Rejecting Black Friday
Black Friday is a cultural phenomenon. Businesses look forward to getting into the "black" and customers are excited by the savings. I have fond childhood memories from Thanksgiving festivities at my grandmother's farm of family gathering around the table paging through different advertisements to plan the next day's shopping strategy. This was back in the 90's when Black Friday still had a certain mystique to it. Now it is impossible to imagine Grandma Helen fighting for a spot in a line snaking around the exterior of a big box store
Fast forward 30 years and we know the actual cost of rabid consumerism: overproduction, overconsumption, and environmental damage. Or, as Frontier Group states, "U.S. households throw out 25% more trash between Thanksgiving and New Year’s Day than at any other time of the year. Much of that trash is packaging, but a surprising amount of the trash discarded consists of useful products. Every year, more than 5 billion pounds of waste is generated from returned products – both the return packaging, but also in many cases the products themselves. Between 30% and 40% of clothing sales are returned, but only 10% of all returns are restocked on shelves to be resold. The rest may be shipped off to the landfill or the incinerator." The Real Cost of Black Friday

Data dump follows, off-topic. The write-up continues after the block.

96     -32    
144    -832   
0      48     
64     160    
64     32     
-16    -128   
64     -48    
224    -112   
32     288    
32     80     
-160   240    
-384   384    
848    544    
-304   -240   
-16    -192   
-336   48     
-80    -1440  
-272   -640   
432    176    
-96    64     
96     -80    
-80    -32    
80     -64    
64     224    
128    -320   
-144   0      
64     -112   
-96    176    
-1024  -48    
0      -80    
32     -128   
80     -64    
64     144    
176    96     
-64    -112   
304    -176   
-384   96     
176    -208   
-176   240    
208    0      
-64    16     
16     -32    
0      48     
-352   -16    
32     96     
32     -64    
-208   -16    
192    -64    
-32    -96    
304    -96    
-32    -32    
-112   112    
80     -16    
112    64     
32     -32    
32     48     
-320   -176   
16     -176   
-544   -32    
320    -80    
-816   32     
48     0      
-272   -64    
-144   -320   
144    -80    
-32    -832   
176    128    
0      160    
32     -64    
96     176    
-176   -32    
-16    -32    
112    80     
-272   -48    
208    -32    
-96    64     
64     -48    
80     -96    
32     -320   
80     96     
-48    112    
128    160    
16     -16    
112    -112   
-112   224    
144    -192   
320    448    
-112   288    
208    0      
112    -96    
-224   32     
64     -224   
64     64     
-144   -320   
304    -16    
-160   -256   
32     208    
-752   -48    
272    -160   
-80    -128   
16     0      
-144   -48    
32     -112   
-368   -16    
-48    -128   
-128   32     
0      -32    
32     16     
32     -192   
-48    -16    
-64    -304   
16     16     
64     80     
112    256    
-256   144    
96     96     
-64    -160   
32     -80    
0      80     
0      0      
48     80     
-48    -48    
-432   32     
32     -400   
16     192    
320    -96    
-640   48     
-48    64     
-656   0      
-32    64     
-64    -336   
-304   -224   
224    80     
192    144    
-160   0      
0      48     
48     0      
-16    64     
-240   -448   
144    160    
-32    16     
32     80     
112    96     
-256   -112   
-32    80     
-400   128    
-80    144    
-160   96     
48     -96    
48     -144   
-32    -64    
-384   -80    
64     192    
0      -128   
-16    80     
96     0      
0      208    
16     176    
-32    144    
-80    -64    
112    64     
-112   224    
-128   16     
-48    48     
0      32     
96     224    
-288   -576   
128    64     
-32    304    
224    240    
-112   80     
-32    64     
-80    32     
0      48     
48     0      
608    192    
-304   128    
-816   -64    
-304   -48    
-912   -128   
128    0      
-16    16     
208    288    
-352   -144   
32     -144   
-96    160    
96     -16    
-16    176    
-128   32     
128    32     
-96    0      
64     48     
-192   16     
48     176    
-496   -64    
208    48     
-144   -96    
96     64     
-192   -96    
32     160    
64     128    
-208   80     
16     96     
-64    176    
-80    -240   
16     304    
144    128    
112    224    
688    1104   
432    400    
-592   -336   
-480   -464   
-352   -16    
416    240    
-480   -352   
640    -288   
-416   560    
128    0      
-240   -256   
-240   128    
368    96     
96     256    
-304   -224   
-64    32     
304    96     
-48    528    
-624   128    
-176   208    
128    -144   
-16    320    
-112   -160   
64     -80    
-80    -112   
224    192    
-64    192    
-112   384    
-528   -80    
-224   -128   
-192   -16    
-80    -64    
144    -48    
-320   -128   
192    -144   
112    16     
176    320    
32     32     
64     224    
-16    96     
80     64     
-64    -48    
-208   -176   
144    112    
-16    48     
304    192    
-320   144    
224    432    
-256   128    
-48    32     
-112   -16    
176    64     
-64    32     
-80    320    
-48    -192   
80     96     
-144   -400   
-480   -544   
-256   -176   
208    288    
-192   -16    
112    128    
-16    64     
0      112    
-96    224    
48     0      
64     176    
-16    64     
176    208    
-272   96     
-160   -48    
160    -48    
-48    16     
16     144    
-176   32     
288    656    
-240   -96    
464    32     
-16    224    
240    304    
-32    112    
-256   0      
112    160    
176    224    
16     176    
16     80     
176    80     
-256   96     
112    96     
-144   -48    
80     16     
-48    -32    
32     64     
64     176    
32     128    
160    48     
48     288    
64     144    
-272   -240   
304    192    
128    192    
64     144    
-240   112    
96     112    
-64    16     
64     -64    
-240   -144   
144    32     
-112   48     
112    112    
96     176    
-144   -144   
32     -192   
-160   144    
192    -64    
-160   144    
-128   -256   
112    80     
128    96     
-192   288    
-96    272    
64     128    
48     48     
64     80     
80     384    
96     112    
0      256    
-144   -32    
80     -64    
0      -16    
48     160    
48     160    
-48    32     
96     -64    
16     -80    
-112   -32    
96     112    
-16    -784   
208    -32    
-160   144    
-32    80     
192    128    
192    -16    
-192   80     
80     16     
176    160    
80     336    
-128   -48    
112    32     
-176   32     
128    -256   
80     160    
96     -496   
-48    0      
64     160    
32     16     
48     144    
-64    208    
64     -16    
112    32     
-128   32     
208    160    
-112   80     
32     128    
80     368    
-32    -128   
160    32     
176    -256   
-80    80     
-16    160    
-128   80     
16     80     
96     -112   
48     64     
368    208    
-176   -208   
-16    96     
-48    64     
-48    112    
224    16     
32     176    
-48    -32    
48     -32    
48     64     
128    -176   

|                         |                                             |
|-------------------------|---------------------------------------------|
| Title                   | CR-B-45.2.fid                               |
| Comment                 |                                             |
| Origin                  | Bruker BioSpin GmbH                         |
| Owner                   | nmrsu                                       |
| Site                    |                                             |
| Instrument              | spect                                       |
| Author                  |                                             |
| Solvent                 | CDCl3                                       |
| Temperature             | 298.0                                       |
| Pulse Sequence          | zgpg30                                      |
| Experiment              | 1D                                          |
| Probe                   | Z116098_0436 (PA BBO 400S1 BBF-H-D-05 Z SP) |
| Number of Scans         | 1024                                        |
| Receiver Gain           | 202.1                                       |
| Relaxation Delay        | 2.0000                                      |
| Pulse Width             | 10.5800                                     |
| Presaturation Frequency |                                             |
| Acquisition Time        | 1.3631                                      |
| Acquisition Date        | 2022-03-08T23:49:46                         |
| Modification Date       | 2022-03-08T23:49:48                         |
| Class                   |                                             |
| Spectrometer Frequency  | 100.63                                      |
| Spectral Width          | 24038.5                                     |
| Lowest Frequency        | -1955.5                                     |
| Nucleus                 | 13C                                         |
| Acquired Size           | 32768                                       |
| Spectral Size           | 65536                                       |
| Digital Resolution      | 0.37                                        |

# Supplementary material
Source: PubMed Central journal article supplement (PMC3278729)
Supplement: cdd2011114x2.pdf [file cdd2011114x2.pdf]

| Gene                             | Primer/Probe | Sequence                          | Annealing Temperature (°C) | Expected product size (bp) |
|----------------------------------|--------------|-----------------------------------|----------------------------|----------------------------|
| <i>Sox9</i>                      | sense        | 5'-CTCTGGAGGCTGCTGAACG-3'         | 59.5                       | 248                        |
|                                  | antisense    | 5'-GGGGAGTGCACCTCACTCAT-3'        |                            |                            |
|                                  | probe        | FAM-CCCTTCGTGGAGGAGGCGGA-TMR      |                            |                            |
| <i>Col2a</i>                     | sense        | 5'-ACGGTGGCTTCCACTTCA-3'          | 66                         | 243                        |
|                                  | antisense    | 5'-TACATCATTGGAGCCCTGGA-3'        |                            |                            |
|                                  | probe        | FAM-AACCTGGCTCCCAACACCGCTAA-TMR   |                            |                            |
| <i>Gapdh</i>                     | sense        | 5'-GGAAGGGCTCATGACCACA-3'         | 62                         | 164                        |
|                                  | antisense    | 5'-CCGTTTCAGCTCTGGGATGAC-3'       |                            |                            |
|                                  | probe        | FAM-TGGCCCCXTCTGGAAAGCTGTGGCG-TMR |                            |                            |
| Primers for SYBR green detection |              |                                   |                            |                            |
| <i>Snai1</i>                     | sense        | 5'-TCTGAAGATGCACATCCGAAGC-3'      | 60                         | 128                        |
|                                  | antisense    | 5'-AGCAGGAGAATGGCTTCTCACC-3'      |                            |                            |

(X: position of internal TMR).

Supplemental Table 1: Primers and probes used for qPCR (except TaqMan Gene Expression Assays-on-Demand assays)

I am sorry if you came to our website hoping for a Black Friday deal; we do not have one and never will. We want to promote our values of reuse and sustainability, which is why we developed our Green Friday promotion. By offering more store credit back to customers we hope they will participate in the Patches Project. Not only does this provide a built-in discount to our store, but it allows people on a budget who value handmade and organic to buy our clothing and have the same guarantee that we will take them back.
If you do partake in the traditions of Black Friday, please be kind to the workers on the front lines; they are often underpaid and overworked. Try to support small, local business when possible.